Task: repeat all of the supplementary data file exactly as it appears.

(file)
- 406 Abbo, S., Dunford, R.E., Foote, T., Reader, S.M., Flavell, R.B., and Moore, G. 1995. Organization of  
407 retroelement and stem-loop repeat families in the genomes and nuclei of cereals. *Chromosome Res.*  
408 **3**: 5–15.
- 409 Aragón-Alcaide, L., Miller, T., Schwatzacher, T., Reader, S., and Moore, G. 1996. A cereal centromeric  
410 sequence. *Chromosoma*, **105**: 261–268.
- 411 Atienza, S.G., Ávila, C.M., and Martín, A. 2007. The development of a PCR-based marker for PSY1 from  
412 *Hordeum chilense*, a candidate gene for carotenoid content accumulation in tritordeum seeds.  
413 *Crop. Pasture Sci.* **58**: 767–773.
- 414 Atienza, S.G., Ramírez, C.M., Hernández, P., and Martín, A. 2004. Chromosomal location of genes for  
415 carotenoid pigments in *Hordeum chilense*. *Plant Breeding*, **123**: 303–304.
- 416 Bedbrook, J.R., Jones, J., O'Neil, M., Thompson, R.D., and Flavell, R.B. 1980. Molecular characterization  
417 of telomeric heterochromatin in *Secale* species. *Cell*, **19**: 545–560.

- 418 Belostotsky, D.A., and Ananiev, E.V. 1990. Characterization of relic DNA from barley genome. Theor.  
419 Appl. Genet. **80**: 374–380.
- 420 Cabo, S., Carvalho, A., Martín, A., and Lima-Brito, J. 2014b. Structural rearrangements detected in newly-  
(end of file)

- 406 Abbo, S., Dunford, R.E., Foote, T., Reader, S.M., Flavell, R.B., and Moore, G. 1995. Organization of  
407 retroelement and stem-loop repeat families in the genomes and nuclei of cereals. *Chromosome Res.*  
408 **3**: 5–15.
- 409 Aragón-Alcaide, L., Miller, T., Schwatzacher, T., Reader, S., and Moore, G. 1996. A cereal centromeric  
410 sequence. *Chromosoma*, **105**: 261–268.
- 411 Atienza, S.G., Ávila, C.M., and Martín, A. 2007. The development of a PCR-based marker for PSY1 from  
412 *Hordeum chilense*, a candidate gene for carotenoid content accumulation in tritordeum seeds.  
413 *Crop. Pasture Sci.* **58**: 767–773.
- 414 Atienza, S.G., Ramírez, C.M., Hernández, P., and Martín, A. 2004. Chromosomal location of genes for  
415 carotenoid pigments in *Hordeum chilense*. *Plant Breeding*, **123**: 303–304.
- 416 Bedbrook, J.R., Jones, J., O'Neil, M., Thompson, R.D., and Flavell, R.B. 1980. Molecular characterization  
417 of telomeric heterochromatin in *Secale* species. *Cell*, **19**: 545–560.

- 418 Belostotsky, D.A., and Ananiev, E.V. 1990. Characterization of relic DNA from barley genome. Theor.  
419 Appl. Genet. **80**: 374–380.
- 420 Cabo, S., Carvalho, A., Martín, A., and Lima-Brito, J. 2014b. Structural rearrangements detected in newly-  